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Black Hat Hackers Highlights: Awards, Attacks, and Apple

Hotel locks, iris scans, GooglePlay and other "secure" technologies are cracked in demonstrations at the security conference.

Denizens of the digital world are feeling a little less secure this week as another edition of the Black Hat hacker conference wrapped up in Las Vegas.

Among the technologies cracked by security researchers at the show were hotel room locks, iris scanners, Google Bouncer, point of sale terminals, and near-field communication technology.

Those attending the conference and staying in hotel rooms must have found unsettling a presentation by Mozilla software developer Cody Brocious. He demonstrated a homebrewed device made for $50 that unlocks hotel rooms.

The gadget is similar to what hotels use to program locks to accept master key cards. However, the device works only on locks made by Onity, and it works about 33 percent of the time. On the other hand, there are from 4 to 5 million hotel rooms worldwide that have the locks to experiment on.

Biometric Security Undermined

A highly secure biometric form of identity authentication was also undermined at Black Hat. Spanish researchers showed how they could create a lifelike image of the iris of a person's eye. In tests against a top commercial recognition system, the iris scanner was fooled 80 percent of the time, according to the team from Universidad Autonoma de Madrid.

Images of fake irises have been created in the past, but this is the first time the iris of an actual person has been duplicated from data gathered about the organ.

When Google introduced Bouncer to its online app store, GooglePlay, it was believed that the technology would go a long way toward cleaning up apps infected with malware distributed through the outlet. Doubt was cast on that notion at Black Hat by Trustwave. The company demonstrated how, through the use of sophisticated masking techniques, it was able to slip a pernicious app under Bouncer's radar and remain camped in GooglePlay for two weeks before the researchers took it down.

Malicious apps, though, aren't the only ones snooping in data stored in smartphones, according to a study released at Black Hat by Appthority. It found that 96 percent of iOS apps and 84 percent of Android apps have the capability to access sensitive information on a smartphone, such as contacts, location, and calendar information.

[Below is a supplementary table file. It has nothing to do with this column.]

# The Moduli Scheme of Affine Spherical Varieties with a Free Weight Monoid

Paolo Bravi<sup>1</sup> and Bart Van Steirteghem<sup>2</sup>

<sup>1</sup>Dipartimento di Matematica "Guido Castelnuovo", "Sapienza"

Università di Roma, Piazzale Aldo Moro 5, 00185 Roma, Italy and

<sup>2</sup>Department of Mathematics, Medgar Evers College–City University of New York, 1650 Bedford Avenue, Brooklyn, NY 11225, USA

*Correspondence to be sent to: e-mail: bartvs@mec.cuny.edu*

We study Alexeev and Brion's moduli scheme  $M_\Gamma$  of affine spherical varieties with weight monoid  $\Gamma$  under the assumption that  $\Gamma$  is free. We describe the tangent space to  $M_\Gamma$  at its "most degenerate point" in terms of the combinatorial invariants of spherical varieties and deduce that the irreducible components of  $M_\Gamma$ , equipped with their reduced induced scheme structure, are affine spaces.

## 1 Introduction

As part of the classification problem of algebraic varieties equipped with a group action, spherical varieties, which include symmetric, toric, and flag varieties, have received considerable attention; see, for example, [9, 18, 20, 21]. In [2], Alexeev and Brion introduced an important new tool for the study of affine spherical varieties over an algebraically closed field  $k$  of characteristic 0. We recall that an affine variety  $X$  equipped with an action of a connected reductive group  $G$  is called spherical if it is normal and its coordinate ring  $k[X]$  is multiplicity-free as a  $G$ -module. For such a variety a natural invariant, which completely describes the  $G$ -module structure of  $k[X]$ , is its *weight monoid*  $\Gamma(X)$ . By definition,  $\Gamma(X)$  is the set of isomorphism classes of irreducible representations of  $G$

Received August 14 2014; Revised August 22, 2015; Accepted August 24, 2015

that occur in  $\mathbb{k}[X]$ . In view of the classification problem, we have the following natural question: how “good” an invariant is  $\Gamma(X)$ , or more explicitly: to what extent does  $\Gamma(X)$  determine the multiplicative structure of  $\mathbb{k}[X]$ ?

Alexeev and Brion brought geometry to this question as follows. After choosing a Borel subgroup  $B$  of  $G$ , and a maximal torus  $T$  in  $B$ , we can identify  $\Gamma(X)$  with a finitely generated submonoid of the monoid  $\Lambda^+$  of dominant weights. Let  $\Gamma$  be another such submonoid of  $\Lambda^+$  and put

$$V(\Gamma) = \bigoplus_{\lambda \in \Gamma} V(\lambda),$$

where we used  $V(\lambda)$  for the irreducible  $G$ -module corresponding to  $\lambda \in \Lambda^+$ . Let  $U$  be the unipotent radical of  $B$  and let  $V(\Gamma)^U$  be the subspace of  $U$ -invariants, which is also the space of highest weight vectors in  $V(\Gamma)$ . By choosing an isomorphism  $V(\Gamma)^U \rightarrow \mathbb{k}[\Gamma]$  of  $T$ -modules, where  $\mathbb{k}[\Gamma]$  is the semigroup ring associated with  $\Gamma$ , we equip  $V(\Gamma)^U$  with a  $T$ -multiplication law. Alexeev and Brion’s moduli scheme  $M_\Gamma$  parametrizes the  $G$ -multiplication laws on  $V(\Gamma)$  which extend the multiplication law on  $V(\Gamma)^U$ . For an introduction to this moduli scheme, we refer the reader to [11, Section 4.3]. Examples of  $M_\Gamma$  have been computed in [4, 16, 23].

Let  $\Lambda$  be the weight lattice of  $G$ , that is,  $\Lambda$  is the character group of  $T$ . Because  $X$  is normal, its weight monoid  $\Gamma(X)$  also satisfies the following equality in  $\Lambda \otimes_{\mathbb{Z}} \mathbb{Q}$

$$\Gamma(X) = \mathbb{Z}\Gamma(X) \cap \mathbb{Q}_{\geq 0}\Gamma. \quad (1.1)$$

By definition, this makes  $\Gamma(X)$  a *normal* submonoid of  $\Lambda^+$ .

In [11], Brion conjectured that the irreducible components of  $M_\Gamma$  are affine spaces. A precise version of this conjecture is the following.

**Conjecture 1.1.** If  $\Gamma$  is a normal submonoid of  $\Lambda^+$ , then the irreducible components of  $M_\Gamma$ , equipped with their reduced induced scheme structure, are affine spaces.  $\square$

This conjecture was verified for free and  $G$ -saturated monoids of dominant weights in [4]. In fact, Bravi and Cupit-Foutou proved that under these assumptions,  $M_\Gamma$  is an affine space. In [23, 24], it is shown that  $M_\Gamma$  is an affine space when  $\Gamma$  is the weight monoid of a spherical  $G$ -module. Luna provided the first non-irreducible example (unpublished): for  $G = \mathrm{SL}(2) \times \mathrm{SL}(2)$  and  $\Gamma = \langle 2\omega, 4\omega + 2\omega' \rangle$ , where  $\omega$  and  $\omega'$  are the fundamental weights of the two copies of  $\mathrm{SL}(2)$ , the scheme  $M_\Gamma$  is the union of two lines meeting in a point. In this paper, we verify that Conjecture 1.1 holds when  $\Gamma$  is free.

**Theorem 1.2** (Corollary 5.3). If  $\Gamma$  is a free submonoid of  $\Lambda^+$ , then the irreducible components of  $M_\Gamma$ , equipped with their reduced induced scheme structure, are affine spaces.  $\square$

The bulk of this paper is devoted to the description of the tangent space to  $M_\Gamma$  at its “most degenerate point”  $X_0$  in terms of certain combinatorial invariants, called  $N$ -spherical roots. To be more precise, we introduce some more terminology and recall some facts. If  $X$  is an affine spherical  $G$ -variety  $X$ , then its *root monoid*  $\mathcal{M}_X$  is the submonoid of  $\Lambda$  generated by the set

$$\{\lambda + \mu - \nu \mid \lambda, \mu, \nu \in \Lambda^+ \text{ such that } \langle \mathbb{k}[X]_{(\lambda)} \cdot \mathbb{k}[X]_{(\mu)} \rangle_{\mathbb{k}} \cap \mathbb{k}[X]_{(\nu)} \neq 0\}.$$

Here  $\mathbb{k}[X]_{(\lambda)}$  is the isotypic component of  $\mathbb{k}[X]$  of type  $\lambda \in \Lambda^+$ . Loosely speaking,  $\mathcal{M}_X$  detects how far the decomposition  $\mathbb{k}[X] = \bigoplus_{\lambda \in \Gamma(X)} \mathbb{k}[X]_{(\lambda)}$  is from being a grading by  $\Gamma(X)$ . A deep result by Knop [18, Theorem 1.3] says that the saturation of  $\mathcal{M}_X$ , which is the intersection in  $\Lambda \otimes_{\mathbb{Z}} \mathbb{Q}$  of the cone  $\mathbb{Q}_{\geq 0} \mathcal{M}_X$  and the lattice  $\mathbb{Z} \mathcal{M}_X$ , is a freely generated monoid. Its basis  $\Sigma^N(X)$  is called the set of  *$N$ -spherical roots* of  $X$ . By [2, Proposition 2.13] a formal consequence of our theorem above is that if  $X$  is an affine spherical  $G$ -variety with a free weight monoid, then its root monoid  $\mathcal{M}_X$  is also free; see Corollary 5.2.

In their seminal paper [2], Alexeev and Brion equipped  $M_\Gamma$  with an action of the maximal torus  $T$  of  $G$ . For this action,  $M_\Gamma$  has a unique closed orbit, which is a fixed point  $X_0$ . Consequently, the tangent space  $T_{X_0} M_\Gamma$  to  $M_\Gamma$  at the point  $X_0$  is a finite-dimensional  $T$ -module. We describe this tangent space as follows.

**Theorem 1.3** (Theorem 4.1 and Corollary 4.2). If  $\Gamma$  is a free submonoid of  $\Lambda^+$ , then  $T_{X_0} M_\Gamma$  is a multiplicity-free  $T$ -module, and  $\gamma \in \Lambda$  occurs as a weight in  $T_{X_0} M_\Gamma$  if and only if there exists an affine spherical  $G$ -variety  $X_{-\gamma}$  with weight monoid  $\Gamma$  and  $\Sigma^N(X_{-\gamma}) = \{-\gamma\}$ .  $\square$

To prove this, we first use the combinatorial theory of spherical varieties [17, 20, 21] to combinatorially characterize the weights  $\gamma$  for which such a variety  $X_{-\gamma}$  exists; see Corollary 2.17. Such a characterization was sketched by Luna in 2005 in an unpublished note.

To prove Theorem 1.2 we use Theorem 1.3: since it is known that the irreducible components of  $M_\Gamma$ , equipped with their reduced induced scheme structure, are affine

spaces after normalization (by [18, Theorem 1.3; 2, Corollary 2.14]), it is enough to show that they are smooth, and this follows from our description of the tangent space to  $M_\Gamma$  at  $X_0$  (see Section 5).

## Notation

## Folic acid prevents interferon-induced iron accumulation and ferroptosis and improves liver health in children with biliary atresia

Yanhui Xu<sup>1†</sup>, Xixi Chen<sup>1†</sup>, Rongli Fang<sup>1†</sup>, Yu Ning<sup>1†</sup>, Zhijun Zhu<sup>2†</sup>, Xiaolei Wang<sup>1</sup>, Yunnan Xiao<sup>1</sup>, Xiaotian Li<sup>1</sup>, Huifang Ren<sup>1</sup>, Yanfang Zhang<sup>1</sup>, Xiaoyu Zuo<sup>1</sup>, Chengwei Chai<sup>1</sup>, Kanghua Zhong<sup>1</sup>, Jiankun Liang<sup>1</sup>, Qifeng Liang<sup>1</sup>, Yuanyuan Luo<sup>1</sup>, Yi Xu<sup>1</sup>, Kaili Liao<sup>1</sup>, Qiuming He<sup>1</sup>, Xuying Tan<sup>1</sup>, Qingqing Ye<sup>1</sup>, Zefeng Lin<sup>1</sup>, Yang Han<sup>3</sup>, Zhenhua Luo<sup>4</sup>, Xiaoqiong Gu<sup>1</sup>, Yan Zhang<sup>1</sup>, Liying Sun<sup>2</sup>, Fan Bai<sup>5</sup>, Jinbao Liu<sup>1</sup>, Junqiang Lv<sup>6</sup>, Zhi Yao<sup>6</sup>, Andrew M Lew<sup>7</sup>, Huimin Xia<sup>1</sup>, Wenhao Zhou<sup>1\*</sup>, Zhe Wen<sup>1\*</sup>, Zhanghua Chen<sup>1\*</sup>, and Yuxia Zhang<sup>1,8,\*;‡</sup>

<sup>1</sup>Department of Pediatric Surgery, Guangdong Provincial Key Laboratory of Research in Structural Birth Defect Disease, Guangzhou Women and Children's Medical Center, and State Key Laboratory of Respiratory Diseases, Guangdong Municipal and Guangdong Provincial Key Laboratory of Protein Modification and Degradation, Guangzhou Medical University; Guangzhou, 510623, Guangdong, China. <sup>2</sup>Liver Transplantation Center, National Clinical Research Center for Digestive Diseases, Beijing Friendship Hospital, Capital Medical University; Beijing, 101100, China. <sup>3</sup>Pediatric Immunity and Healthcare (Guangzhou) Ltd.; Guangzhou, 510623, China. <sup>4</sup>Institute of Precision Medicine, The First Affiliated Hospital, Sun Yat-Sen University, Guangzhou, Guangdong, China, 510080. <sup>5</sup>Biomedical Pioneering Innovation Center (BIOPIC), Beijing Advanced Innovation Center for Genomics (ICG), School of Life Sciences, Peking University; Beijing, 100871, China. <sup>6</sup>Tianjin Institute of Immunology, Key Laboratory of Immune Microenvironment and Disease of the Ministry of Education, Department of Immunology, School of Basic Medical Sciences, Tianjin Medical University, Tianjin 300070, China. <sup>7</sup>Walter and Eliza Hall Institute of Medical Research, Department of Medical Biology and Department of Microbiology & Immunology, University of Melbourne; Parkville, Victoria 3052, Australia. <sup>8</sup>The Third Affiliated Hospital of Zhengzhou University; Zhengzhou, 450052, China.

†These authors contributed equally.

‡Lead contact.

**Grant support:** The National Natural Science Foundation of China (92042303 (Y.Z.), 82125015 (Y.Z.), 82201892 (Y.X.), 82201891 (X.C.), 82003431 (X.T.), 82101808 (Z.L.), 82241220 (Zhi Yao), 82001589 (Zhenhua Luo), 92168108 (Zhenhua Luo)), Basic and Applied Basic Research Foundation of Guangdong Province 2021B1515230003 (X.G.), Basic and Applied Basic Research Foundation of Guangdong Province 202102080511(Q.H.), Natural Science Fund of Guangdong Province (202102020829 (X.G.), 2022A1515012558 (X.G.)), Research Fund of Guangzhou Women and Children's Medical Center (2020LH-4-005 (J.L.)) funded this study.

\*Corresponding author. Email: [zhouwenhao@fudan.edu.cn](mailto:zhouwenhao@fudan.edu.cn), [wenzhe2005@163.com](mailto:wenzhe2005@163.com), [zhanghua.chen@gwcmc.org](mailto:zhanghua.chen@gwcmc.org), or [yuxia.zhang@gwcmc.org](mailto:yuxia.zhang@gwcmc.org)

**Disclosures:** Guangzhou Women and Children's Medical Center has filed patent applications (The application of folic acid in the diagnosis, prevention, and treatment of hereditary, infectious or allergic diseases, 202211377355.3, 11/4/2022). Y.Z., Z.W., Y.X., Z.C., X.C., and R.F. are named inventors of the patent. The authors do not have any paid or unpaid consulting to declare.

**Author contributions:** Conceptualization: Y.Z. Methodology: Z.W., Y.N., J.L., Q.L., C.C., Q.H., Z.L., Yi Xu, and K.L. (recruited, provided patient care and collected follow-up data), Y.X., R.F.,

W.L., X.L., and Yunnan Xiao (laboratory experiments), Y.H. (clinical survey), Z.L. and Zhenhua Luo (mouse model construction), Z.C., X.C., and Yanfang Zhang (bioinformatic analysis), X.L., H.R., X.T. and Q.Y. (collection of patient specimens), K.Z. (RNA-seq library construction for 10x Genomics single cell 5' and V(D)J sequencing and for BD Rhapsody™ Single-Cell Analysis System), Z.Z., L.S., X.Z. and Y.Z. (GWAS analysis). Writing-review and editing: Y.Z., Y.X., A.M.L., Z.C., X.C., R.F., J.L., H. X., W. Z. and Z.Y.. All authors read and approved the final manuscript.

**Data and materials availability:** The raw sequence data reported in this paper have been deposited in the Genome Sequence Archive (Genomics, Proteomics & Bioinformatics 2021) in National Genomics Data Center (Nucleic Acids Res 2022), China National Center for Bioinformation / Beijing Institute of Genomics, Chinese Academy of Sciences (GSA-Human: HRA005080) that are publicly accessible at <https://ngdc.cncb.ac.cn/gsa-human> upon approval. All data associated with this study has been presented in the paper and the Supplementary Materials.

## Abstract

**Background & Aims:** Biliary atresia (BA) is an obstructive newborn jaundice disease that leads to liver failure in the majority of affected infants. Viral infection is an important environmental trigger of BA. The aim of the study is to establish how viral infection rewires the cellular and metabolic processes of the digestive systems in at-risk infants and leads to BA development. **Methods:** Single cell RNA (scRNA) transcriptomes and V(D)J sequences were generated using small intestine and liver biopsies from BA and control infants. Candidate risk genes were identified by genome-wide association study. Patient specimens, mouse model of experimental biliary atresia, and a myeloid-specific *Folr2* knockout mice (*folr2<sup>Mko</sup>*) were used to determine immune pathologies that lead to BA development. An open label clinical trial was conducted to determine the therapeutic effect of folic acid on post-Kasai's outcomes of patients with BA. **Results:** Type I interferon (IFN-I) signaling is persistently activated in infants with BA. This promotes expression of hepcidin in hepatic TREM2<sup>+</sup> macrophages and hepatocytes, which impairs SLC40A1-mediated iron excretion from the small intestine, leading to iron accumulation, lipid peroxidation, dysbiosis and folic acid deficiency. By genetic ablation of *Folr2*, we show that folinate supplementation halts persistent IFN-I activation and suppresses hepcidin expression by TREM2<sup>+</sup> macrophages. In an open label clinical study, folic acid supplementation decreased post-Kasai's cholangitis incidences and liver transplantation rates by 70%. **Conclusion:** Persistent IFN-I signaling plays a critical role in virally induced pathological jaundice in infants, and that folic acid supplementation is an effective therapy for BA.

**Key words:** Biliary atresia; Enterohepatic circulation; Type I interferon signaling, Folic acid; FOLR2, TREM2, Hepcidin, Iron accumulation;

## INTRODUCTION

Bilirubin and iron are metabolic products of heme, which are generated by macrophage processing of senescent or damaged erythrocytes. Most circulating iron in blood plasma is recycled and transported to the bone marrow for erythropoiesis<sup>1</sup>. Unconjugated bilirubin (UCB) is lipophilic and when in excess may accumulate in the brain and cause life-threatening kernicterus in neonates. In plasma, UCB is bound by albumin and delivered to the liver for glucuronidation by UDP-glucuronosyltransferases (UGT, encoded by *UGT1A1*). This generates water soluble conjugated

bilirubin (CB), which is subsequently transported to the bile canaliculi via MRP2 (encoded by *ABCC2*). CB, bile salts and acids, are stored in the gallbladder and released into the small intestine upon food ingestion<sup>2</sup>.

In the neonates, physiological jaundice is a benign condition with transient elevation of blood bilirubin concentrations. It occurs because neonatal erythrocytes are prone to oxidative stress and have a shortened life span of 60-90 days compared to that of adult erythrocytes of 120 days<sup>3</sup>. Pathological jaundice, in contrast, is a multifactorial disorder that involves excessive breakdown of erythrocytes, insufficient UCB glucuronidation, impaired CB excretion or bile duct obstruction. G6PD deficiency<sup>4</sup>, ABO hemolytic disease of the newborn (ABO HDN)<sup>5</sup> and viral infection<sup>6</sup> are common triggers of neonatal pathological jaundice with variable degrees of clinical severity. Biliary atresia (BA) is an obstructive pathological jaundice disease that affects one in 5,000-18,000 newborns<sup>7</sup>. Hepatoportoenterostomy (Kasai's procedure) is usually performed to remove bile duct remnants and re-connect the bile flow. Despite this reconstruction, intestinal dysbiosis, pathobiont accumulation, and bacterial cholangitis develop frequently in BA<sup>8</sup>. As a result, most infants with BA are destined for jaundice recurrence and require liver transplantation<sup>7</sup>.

Mobile Shoppers Beware

Electronic commerce was also a target of boffins at Black Hat. A pair of researchers demonstrated a payment card they designed that would infect a point of payment terminal when it was swiped by the device. The card planted on the terminal a Trojan that collected credit card information and PIN numbers entered into the device. That information could be later extracted from the terminal with another malicious card.

The researchers also showed how vulnerabilities found in the terminal could be used to fool store clerks into thinking a purchase had been approved by a bank when it hadn't.

Near Field Communications (NFC), an up and coming technology used for financial transactions from mobile phones, also attracted the attention of Black Hat researchers. Accuvant researcher Charlie Miller showed how a tag embedded with an NFC chip could be used to compromise the information in an Android phone simply by brushing against it.

A tradition at Black Hat is the Pwnie Awards, which recognize achievements and failures during the 12 month period leading up to the event. One of the award winners this year was the creators of the Flame software who developed a scheme that used Windows Update to deliver malware to PCs. Not surprisingly, the authors of Flame did not accept their award when it was announced.

A first at Black Hat this year was the appearance of Apple as a presenter at the show. The presentation, though, was a letdown. After rehashing the information in a white paper on iOS security released by the company in May, Security Platform Engineer Dallas de Atlas bolted from the forum without answering any questions.  

Follow freelance technology writer John P. Mello Jr. and Today@PCWorld on Twitter.


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